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Letters from America
Great Art of Suffering — Degenerate Life of Genius, Vagabond Writer, Malcolm Lowry
By Greg Evans
Special Correspondent
Malcolm Lowry (1909–1957)
The story starts in the city of Cuernavaca, once an ancient collection of dusty cantinas, brothels, gambling dens, and Catholic churches sitting perilously between the alternating shadows of two dormant volcanoes. If ever there was a place for a legendary alcoholic to drink himself into oblivion, Cuernavaca was it. In the late 1930s there was just such a man—a tormented literary genius expatriate from England named Malcolm Lowry.

Lowry arrived in the old conquistador stronghold presumably to drink himself to death in lieu of enduring the dying embers of a marriage, the onset of melancholy, and a disassociation from his conservative English roots. His father owned a successful business where his brother worked and where there was a position waiting for him.

However, while holding on for dear life to each tragedy taking pace in his life in Mexico, he instead recorded the beginnings of one of the world’s greatest novels. His travel itinerary is fairly well documented—England to Mexico to Los Angeles to Canada—eventually finding his way back to England where he would die as he lived, drunk, distressed, ribald and theatrical. Lowry lived by his own code, his own set of standards, whatever they might have been.

He was the first modern anti-authority rebel, the father of the counter-culture that sprang up so prevalently in places like Greenwich Village and Haight-Ashbury. Lowry was a bedeviled soul and when he was lucid enough to put pen to paper, created some of the world’s most beloved literature. His magnum opus was Under the Volcano, a semi-autobiographical novel published in 1947. This writing was begun while Lowry was living in squalor in Mexico drinking copious amounts of booze, and living on the fringes of society. He was the F. Scott Fitzgerald and Hunter S. Thompson of his day. He set the bar for self-loathing, depravity and self-abuse and it resonated with the reading public. It was romantic and frightening, savage and unpredictable.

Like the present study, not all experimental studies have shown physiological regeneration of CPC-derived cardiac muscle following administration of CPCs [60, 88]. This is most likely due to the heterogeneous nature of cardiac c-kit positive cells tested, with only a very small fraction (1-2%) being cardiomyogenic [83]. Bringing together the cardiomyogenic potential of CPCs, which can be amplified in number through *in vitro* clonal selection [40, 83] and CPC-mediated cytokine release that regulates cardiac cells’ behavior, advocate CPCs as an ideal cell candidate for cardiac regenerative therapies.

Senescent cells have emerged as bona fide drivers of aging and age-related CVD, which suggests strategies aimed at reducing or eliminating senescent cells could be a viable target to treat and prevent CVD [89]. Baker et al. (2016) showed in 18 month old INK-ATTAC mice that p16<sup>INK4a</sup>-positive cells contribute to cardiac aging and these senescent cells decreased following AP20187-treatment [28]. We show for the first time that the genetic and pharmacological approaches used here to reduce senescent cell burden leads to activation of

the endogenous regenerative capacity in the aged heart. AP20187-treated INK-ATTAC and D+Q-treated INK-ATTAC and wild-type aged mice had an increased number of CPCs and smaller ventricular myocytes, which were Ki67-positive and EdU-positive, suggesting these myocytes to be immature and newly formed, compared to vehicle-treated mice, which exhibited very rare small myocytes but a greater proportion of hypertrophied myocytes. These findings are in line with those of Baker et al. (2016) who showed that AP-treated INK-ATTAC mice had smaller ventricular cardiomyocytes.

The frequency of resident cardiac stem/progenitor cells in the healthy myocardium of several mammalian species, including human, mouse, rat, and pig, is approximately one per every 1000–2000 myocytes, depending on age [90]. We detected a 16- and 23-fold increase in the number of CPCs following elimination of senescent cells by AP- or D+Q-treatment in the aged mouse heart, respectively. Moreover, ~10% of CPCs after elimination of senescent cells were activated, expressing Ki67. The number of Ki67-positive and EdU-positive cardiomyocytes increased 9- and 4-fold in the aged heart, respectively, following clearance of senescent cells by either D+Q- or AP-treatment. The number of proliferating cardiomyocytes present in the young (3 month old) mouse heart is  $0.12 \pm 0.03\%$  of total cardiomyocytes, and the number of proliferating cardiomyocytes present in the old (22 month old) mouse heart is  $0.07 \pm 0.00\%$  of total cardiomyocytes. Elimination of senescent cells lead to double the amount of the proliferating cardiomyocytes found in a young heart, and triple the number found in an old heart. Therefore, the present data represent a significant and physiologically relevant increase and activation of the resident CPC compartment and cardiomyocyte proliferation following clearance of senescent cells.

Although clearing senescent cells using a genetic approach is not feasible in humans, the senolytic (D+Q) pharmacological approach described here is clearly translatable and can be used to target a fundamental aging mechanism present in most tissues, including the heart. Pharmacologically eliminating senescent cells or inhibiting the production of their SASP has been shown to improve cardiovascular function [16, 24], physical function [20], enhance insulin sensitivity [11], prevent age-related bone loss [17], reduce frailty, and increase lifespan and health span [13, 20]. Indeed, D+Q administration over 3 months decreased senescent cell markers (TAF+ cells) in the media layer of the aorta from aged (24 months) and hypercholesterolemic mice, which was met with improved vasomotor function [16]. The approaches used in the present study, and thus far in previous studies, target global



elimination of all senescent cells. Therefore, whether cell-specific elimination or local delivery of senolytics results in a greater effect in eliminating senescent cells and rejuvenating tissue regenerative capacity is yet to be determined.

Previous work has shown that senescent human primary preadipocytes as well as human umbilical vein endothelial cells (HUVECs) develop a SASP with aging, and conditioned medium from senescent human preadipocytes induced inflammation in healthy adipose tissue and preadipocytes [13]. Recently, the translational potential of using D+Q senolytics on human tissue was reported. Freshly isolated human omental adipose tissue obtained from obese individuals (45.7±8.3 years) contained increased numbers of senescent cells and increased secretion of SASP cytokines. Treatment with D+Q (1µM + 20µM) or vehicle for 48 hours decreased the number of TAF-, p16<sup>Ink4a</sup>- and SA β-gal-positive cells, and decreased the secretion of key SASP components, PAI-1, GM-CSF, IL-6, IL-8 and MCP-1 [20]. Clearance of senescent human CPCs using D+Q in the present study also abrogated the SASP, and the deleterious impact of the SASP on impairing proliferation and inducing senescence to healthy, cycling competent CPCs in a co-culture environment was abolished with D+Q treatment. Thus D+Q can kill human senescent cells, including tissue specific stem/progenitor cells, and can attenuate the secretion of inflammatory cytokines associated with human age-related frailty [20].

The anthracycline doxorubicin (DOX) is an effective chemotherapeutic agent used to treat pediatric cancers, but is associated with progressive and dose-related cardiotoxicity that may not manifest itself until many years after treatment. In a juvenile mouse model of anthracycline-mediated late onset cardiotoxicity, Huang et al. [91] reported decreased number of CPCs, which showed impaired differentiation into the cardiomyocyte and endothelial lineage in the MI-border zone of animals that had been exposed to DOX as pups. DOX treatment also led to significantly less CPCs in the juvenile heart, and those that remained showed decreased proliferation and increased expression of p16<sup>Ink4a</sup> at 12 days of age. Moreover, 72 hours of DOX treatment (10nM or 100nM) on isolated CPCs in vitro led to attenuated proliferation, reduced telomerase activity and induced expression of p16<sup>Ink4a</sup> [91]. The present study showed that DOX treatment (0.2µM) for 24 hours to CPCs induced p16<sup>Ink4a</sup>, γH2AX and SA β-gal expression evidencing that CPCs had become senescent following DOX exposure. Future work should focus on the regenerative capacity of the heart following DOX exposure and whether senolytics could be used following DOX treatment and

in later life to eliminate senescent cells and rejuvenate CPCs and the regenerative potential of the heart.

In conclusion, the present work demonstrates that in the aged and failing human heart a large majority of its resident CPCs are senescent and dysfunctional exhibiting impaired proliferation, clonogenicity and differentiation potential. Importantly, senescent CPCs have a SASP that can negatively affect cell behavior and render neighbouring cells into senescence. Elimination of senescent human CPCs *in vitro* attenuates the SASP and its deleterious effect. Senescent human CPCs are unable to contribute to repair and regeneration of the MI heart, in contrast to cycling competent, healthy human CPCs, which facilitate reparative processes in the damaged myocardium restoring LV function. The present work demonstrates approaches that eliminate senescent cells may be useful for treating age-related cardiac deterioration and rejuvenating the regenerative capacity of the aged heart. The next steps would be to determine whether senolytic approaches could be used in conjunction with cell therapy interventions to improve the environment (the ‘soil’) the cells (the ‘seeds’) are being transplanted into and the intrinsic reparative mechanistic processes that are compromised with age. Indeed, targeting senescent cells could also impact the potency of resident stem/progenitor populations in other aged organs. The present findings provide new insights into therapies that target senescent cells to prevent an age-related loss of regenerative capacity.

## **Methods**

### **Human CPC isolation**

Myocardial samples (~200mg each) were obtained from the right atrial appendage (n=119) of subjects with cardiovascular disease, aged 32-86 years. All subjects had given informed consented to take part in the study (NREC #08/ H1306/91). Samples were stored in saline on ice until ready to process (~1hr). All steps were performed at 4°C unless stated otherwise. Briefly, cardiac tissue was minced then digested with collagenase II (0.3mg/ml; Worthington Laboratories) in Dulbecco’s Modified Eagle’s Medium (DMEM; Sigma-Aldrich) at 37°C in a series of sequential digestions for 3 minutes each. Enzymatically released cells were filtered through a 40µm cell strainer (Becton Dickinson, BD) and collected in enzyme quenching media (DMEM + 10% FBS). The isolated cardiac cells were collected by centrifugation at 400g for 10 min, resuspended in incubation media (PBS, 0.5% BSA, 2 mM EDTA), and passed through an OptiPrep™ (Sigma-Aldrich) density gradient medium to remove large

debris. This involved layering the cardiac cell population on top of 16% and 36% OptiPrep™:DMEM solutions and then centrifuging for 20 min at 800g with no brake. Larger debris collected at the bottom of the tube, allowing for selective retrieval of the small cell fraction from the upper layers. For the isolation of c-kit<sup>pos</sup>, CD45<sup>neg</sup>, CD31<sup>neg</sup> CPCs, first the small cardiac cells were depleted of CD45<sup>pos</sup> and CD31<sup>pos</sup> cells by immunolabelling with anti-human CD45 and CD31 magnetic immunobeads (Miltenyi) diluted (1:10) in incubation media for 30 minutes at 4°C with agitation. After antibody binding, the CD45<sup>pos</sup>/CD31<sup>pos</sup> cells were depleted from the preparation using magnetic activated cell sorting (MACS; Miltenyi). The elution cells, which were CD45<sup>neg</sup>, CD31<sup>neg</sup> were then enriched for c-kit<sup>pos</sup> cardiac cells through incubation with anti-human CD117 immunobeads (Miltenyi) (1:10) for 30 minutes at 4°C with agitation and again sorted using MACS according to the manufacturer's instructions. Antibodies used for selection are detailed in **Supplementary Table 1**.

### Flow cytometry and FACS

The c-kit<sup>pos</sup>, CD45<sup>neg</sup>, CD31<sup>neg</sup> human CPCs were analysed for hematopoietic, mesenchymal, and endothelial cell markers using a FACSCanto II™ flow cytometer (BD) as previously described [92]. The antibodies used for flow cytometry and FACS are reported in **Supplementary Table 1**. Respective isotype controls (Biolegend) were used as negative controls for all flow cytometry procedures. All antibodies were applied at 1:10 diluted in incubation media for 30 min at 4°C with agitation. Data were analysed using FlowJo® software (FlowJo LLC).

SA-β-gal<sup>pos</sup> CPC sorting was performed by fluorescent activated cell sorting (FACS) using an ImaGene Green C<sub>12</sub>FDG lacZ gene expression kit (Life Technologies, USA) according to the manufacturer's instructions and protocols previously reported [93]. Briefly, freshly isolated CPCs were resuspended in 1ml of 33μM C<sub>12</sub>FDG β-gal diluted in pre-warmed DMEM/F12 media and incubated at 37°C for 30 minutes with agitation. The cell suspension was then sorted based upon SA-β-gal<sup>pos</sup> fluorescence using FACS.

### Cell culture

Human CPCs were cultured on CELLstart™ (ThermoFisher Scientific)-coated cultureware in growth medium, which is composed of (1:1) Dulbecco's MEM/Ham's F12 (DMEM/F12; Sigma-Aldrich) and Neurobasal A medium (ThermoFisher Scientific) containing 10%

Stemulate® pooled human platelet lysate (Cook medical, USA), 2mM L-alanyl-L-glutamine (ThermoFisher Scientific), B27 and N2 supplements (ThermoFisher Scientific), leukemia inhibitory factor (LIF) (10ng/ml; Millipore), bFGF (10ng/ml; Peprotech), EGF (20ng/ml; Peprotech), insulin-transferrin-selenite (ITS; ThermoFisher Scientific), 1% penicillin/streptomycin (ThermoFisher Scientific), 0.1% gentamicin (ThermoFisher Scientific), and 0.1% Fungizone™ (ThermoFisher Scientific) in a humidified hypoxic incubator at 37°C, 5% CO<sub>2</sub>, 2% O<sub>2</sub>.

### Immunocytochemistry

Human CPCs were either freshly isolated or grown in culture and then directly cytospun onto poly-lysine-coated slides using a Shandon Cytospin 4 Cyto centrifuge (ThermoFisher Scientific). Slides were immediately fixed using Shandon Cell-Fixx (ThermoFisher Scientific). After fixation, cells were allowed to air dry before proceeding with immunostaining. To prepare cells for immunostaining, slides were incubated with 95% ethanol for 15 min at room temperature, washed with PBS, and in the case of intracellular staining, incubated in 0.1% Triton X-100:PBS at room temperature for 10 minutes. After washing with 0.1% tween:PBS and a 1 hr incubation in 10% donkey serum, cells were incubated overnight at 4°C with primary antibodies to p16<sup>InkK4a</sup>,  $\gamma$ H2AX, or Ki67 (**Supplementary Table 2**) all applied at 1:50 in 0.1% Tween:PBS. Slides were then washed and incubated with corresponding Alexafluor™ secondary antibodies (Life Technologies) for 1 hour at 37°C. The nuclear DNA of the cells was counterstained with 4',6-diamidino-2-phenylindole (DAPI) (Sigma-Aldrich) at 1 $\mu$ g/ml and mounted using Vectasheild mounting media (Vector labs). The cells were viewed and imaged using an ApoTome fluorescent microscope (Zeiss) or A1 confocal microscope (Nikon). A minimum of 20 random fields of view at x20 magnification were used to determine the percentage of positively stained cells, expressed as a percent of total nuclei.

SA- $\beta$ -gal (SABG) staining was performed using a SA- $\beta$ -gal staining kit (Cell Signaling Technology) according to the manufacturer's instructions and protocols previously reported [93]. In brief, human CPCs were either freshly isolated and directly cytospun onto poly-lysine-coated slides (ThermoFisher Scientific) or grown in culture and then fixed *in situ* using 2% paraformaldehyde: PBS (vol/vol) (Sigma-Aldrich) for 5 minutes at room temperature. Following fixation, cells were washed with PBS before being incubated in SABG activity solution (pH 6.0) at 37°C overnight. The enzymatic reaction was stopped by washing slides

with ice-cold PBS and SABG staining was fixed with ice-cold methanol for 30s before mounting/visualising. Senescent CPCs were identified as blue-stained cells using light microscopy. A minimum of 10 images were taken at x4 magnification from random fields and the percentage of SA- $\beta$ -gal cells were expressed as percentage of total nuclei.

The novel told the story of Geoffry Firmin, a British consul and alcoholic, on the Day of the Dead, November 2, 1938, a holiday of prayer celebrated by the family and friends of people who have died. The novel is twelve chapters, representing the twelve hours of the waking day, the story beginning in the morning and culminating with the finale in the evening. It takes place in the Mexican pueblo of Quauhnahuac.

His early attempts to find a publisher for the novel in the early 1940s were met with crude rejection. It wasn’t his first novel but it was the one that mattered, and Lowry knew it even if the editors and publishers didn’t. Instead of starting something new he rewrote and rewrote. He was searching for what all geniuses search for and that is personal perfection and success on his terms, by way of a self-belief, that hung heavy on his shoulders for his entire life.

Cuernavaca gave him the backdrop and provided him with scenes and unlimited characters and details. It was all there and he recognized it. Somehow, despite the haze of vice, he put it all into an order so astounding that today the novel is hailed as a seminal work and listed as one of the top 100 novels of all-time.

One may surmise that the evolution of a tormented rock-star, literary guru, even athlete can be directly or indirectly attributed to the same characteristics as Lowry— pioneering proficiency with vice, self-destruction, and self-promotion of aggrandizement. Malcolm Lowry’s alcohol dependency was nearly as famous as his novel. There is no person in the history of modern expression that epitomized the great art of suffering more than he did in terms of the manipulation of his vices. There are others that have tried to challenge him for the title including Hunter S. Thompson, Kurt Cobain, Malcolm Owen, Jean-Michel Basquiat and William S. Burroughs, to name a few, and though they each came close—traveling in excess along their own grungy
avenues of suffering— they didn’t quite make it into Lowry’s gutter.

Malcolm Lowry was a person who not only encapsulated the tormented genius label, he worked to perfect the great art of suffering. He was a true free spirit who continued with his vices, reveled in them, and took great delight in his style of living—that of wretchedness and degradation. For fans of incredible literature, we are profusely thankful that he danced to the seedy beat of his own drum.

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Greg Evans, associate director of communications of King University in Bristol TN, in the US, serves as a special correspondent for The Seoul Times. The seasoned journalist has been writing for such papers as the Mooresville Tribune, Lake Norman Citizen, the Bristol Herald Courier, and the Sentinel-Progress (Easley, SC). He can be reached at






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